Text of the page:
A home equity line of credit (HELOC), is a loan that lets you borrow against the equity in your home. Similar to credit cards, HELOCs allow you to continuously borrow against your line of credit up to a certain amount, instead of taking out a lump sum like you would with other types of loans.
How does it work?
Most HELOCs consist of a draw period and a repayment period. During the draw, or borrowing, period, you can borrow up to a set amount, similar to an open line of credit. You can borrow up to this limit, pay it back, and then borrow again until the draw period ends.
With many HELOCs, only interest is due during this time, although monthly minimum payments may also be required. This period of time varies, but is typically around five to 10 years.
Then, during the repayment period, you’ll pay off the amount you borrowed, plus interest, in monthly installments. Like the draw period, the length of the repayment period varies. Some HELOCs also include various fees, including origination and closing fees.
Advantages and disadvantages
HELOCs allow you to borrow and pay interest on only what you need, which can be helpful when you’re not sure how much you’ll have to take out for a specific endeavor. Additionally, many HELOCs have adjustable interest rates, which means they go up or down according to standard rates. This can be both a pro and a con, depending on the rates at the time. You may get a lower rate than a credit card that has a high APR, but your rates may also fluctuate, depending on the HELOC.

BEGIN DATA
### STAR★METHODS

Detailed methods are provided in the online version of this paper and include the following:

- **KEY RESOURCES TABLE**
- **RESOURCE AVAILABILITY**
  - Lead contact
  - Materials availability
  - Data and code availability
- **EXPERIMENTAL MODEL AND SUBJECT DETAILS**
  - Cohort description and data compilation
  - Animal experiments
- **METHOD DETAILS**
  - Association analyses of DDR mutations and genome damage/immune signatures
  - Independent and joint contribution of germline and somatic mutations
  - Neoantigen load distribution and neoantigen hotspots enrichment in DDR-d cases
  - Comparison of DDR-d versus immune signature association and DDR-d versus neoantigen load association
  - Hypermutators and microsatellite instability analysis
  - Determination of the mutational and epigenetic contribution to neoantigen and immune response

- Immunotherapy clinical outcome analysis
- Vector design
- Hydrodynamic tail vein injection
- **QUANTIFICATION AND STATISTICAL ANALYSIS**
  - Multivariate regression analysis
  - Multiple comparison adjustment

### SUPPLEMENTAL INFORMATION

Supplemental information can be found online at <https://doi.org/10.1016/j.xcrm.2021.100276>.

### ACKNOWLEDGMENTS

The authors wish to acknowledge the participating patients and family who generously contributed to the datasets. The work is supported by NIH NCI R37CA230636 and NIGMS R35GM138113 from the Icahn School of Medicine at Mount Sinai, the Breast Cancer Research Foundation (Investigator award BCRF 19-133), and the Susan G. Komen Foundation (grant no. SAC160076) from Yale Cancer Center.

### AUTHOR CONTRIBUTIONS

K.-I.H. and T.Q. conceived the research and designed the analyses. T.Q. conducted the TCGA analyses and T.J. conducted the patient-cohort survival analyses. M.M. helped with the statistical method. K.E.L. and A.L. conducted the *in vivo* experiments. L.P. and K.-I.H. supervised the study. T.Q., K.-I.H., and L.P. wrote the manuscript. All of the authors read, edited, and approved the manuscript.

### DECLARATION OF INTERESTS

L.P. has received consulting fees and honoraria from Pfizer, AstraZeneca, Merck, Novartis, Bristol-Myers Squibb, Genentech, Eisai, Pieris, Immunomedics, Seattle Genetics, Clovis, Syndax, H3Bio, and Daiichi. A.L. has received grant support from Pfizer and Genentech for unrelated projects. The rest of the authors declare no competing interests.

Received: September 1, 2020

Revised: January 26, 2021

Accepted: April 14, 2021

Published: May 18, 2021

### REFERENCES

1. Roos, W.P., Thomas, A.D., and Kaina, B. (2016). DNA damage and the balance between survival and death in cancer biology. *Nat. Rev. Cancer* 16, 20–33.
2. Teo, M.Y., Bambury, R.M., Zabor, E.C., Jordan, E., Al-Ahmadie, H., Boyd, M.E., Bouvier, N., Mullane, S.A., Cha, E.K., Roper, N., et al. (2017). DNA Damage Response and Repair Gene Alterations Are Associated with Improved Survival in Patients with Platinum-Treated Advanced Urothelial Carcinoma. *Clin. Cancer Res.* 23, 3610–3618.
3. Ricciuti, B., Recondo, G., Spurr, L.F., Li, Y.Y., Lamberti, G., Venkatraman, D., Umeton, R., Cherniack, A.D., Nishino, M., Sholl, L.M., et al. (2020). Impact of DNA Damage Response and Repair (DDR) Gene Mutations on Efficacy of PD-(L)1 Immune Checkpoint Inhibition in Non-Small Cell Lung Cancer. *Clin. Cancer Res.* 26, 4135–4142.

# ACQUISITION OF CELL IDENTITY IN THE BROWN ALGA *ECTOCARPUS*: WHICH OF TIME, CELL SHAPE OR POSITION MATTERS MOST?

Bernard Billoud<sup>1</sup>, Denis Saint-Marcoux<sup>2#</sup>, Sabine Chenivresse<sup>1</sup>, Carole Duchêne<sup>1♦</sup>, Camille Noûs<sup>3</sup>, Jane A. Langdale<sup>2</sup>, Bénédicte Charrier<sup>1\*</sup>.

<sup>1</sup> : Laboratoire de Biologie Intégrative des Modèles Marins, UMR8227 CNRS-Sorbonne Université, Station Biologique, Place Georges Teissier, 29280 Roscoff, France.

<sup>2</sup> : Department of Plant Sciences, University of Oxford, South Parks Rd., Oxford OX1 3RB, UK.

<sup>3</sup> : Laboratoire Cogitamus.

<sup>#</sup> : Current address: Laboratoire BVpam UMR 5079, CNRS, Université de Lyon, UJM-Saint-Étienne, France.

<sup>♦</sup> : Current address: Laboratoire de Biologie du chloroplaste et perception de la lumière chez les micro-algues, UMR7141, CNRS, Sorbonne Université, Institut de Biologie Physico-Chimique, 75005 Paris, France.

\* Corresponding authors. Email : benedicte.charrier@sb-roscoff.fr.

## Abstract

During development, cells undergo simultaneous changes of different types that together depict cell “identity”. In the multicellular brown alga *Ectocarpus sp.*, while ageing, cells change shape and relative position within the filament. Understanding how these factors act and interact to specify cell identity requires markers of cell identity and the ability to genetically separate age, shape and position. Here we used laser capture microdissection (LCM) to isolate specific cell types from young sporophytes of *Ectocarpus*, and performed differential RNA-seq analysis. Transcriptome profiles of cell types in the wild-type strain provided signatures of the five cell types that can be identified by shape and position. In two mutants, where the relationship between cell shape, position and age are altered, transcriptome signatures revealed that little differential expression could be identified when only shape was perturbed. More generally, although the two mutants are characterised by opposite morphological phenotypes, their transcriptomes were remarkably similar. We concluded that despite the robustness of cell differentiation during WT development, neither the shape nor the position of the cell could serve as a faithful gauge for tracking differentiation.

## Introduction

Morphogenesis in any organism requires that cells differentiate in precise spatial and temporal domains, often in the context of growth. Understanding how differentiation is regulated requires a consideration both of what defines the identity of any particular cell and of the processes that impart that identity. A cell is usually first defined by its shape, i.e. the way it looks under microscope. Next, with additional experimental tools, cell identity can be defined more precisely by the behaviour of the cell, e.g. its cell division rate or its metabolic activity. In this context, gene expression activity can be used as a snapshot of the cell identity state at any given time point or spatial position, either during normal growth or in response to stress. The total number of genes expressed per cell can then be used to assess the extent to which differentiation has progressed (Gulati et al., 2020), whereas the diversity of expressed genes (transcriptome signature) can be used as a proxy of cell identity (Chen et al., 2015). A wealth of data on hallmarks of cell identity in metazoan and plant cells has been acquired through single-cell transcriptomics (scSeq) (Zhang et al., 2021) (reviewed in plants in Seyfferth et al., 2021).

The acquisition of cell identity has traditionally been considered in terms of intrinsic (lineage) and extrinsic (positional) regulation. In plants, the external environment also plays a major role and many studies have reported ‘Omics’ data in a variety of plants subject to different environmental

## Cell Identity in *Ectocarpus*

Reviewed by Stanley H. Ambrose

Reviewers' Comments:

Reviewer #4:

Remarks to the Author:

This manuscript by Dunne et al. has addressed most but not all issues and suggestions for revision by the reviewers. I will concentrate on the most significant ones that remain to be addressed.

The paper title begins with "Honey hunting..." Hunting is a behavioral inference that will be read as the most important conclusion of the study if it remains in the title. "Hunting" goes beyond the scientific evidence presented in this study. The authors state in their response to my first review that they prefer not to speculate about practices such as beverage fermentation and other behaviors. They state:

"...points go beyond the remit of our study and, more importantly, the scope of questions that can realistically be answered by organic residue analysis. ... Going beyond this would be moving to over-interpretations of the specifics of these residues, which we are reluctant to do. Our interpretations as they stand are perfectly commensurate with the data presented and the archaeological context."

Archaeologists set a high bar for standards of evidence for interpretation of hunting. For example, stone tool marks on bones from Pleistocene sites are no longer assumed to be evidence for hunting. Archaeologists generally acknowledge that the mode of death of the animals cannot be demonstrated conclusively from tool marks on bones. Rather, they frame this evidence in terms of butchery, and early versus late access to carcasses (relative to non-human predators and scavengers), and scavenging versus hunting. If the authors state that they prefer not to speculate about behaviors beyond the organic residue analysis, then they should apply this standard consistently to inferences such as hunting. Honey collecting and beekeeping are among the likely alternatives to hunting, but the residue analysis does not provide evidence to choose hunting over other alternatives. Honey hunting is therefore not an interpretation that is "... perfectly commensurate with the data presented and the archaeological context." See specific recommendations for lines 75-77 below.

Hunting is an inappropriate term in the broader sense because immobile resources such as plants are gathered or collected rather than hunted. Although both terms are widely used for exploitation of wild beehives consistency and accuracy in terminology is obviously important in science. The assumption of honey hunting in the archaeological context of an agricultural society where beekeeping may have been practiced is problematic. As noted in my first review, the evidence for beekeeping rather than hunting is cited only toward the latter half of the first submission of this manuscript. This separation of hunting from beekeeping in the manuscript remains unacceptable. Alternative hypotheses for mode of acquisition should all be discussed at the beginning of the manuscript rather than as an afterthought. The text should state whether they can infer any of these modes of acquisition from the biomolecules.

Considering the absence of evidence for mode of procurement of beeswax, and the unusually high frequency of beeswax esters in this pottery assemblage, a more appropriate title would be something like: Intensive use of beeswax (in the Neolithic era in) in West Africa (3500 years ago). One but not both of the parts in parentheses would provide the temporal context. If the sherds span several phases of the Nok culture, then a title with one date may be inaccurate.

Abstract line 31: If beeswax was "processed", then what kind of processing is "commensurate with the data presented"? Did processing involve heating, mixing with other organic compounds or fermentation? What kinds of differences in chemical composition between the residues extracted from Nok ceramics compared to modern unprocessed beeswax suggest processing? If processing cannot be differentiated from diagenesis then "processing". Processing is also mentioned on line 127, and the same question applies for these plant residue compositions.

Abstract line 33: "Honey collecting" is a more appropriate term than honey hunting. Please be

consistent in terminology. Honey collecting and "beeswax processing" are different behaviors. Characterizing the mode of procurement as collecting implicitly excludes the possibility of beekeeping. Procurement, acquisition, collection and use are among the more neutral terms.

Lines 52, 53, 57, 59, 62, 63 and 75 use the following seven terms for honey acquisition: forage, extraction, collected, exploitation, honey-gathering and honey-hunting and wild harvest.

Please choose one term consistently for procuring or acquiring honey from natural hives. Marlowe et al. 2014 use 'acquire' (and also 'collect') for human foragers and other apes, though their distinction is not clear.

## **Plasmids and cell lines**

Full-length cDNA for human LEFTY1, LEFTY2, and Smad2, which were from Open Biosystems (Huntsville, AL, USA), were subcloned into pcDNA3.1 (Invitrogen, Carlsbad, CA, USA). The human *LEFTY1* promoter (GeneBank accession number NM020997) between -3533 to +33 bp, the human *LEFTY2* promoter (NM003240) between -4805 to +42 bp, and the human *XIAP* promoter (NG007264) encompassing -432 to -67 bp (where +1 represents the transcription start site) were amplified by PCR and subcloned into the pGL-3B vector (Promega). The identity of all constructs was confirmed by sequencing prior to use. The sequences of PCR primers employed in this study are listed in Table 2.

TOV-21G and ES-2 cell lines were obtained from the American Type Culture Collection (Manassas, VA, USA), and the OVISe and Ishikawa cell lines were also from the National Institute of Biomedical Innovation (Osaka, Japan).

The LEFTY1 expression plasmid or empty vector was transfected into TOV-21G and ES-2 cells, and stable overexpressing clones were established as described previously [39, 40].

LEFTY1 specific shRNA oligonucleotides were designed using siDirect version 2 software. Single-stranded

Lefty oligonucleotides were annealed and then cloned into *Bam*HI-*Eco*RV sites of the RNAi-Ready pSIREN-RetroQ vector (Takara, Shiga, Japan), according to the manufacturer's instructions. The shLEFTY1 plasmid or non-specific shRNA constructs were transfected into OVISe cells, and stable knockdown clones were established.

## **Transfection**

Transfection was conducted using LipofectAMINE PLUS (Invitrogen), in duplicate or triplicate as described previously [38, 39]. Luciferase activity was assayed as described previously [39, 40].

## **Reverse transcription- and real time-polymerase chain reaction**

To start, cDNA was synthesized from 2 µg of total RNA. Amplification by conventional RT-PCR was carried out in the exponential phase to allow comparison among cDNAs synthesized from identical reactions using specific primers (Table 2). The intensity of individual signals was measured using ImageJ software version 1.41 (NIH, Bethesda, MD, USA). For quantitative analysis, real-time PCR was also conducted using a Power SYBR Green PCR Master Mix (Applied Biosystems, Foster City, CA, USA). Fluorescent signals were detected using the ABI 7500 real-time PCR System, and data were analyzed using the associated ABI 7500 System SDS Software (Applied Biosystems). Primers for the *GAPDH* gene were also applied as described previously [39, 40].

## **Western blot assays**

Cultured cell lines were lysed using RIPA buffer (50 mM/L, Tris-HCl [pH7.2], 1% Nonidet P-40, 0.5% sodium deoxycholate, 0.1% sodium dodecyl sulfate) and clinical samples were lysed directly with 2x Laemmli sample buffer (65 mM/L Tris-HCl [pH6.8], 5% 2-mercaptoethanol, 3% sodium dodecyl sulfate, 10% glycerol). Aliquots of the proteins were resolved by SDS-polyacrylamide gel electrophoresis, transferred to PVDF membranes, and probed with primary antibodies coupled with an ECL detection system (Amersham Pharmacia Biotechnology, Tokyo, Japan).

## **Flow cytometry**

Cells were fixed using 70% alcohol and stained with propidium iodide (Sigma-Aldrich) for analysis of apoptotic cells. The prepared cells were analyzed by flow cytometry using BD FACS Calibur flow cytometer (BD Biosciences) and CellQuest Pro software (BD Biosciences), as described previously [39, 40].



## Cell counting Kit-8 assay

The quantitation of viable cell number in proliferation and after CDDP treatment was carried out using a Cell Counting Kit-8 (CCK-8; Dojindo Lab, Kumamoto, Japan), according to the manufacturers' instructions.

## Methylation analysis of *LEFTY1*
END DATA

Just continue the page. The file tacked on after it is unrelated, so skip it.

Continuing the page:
Another major advantage is that you can use the money for almost anything. While many homeowners take out HELOCs for renovations or major repairs, you can use the funds to consolidate debt, pay for education expenses, and more. Plus, if you use the money to make improvements to your home, the interest you pay may be tax deductible.
However, it’s important to remember that this line of credit is not the same as a credit card, and should not be used to fund everyday expenses. When you take out a HELOC, you’re borrowing against the equity in your home, which means you’re using your home as collateral. So, if you don’t repay, you risk foreclosure.
The bottom line
HELOCs can be useful financial tools, but it’s important to understand exactly what you’re signing up for. Rates and fees may vary, so make sure to do your research and talk to your lender before making any big decisions.